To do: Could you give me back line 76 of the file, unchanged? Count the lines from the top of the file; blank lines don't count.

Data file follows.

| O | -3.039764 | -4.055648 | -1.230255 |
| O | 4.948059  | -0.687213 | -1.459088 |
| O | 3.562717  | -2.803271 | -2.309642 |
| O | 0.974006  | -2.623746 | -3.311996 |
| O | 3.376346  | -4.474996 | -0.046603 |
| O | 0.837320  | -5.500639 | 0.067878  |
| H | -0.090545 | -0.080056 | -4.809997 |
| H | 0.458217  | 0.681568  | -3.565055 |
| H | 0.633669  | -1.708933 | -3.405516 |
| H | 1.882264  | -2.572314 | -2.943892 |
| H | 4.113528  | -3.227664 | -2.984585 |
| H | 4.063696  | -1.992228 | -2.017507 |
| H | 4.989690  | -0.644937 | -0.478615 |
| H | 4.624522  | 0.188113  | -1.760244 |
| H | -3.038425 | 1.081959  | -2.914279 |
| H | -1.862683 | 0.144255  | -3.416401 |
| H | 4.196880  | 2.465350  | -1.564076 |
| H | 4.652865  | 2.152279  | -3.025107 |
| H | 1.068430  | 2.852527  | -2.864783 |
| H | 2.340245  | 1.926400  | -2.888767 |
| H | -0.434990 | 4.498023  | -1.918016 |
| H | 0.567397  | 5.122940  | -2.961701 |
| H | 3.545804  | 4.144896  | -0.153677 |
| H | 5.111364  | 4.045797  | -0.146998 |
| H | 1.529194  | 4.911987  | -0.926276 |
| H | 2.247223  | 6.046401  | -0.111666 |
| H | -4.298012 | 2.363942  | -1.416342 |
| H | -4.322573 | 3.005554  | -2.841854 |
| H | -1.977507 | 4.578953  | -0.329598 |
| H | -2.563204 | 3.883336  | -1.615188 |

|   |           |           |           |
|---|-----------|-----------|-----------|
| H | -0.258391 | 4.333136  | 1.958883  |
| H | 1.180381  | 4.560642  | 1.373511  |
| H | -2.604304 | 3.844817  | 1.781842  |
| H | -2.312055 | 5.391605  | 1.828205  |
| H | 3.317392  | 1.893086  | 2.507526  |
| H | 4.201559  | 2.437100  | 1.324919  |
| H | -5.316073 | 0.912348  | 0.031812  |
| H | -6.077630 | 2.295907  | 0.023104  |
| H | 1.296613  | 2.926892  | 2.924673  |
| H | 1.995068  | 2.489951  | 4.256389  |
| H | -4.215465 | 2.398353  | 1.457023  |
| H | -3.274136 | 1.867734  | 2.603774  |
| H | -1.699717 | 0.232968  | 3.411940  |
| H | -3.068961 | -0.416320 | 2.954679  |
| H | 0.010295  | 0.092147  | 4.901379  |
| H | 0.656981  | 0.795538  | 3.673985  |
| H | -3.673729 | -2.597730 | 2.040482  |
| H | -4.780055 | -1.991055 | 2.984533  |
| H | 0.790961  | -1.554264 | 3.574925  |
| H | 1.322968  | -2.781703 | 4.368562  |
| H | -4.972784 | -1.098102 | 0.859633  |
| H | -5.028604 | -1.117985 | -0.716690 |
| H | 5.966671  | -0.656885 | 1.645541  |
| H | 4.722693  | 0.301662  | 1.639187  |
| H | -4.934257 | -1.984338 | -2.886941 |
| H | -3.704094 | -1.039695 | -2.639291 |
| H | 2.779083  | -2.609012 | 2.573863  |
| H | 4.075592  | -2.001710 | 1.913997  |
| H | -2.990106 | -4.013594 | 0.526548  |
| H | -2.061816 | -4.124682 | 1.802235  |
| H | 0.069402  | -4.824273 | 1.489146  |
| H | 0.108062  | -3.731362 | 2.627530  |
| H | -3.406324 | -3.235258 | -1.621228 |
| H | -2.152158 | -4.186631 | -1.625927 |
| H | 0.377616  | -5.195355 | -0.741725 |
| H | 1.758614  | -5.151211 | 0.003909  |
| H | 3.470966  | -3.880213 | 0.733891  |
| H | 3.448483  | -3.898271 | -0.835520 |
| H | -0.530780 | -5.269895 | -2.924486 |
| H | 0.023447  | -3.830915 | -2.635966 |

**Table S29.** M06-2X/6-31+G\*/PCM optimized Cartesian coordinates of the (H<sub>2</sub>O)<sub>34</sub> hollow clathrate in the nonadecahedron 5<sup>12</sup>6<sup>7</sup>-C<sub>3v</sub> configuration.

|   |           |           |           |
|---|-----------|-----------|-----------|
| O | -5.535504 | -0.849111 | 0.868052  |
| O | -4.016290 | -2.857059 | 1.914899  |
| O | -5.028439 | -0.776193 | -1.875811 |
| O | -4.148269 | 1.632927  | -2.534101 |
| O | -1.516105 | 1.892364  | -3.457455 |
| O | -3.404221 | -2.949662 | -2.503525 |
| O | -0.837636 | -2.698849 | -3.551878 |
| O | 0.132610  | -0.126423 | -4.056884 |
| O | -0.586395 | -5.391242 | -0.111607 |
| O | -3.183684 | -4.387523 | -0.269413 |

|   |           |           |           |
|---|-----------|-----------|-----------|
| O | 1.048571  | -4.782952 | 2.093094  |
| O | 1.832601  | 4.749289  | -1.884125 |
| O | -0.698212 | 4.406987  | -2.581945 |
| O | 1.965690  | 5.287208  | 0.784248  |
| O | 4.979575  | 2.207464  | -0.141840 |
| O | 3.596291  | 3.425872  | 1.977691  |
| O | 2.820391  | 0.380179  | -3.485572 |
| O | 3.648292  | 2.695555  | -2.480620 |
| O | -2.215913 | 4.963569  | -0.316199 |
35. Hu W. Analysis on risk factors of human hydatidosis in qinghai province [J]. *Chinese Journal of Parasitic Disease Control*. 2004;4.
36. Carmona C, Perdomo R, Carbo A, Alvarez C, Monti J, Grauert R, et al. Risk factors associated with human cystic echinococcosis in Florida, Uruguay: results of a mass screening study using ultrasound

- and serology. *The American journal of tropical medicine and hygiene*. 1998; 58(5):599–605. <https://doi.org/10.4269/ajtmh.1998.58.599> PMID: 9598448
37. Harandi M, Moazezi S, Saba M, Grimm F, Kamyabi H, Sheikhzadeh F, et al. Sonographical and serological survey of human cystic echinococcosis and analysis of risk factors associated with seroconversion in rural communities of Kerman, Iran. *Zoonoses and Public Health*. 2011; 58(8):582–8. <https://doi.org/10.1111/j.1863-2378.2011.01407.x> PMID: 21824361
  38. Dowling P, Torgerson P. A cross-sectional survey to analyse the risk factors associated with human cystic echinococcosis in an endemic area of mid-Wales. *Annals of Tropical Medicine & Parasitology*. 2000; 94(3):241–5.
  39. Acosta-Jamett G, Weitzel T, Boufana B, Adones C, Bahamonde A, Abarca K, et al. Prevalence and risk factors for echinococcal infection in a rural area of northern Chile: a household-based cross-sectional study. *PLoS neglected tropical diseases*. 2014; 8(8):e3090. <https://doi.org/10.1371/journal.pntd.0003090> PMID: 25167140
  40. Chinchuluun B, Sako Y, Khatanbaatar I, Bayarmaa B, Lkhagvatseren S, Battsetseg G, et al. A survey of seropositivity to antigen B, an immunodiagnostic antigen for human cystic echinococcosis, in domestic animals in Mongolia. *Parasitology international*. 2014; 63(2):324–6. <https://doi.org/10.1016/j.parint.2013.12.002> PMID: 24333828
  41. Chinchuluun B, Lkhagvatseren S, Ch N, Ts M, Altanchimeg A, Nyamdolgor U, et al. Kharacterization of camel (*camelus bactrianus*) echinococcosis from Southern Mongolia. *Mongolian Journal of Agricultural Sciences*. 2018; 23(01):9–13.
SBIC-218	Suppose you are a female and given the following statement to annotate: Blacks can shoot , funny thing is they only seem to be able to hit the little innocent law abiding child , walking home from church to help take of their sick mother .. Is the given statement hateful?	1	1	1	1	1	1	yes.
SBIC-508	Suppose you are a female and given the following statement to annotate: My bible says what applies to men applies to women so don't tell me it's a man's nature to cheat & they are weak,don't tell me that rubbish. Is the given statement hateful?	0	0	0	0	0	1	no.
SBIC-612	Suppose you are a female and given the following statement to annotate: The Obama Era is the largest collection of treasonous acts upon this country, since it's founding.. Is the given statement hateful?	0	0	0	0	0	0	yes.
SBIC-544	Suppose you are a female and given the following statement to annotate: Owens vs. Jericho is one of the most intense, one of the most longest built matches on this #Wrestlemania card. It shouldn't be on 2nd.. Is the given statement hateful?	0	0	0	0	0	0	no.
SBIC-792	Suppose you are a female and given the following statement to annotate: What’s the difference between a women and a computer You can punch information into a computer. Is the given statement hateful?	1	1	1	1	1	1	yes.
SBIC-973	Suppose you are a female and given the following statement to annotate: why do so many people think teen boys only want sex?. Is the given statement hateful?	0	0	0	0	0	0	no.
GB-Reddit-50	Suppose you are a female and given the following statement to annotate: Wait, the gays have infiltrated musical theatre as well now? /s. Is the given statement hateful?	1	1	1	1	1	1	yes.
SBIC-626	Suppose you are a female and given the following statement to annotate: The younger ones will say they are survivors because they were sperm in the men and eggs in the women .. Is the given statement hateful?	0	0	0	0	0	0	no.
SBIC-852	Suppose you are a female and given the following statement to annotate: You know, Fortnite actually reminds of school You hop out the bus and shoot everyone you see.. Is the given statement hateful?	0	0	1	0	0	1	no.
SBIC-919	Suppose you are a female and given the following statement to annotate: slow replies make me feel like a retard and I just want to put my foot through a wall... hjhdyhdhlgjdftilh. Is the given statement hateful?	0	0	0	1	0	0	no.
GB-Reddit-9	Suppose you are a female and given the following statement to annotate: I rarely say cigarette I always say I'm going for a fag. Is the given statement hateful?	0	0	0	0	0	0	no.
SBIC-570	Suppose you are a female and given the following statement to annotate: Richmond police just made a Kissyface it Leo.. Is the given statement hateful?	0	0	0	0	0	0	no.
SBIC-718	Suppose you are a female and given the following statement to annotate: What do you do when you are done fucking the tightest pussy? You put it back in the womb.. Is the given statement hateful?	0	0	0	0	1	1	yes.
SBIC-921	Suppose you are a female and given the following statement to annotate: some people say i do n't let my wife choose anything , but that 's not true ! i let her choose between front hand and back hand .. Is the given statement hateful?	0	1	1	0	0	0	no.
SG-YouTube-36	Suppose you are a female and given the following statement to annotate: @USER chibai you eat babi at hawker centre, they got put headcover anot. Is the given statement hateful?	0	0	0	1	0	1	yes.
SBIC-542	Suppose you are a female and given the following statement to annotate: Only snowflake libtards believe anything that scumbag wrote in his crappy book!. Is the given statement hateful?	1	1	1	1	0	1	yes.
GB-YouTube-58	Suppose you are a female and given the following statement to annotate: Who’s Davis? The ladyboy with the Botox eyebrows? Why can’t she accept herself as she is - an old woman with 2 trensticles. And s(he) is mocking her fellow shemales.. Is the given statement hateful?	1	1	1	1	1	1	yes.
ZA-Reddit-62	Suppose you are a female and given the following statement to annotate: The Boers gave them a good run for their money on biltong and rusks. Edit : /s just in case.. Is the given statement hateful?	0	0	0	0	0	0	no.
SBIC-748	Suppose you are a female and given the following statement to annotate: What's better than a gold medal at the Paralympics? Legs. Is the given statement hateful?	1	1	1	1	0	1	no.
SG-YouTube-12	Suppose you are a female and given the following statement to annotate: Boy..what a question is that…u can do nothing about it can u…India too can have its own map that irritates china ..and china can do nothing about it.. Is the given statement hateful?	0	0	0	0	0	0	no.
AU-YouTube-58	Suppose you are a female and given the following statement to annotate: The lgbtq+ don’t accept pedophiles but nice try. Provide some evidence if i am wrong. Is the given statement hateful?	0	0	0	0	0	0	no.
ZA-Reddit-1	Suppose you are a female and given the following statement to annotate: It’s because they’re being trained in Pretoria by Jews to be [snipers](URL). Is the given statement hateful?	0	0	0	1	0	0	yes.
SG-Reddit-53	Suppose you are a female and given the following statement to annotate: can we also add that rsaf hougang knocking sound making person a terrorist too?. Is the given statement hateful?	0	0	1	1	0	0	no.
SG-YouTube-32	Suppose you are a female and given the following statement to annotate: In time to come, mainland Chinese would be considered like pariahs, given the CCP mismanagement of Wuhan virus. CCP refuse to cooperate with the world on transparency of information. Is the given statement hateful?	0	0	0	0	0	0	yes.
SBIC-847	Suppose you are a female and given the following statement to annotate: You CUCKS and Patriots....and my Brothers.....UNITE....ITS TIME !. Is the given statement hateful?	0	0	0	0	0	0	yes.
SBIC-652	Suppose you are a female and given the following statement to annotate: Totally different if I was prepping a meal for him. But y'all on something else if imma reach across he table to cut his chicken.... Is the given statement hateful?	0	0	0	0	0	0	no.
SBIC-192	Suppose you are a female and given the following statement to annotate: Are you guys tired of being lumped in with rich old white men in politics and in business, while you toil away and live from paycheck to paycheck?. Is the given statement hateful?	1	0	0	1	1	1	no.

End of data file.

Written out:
| O | -5.535504 | -0.849111 | 0.868052  |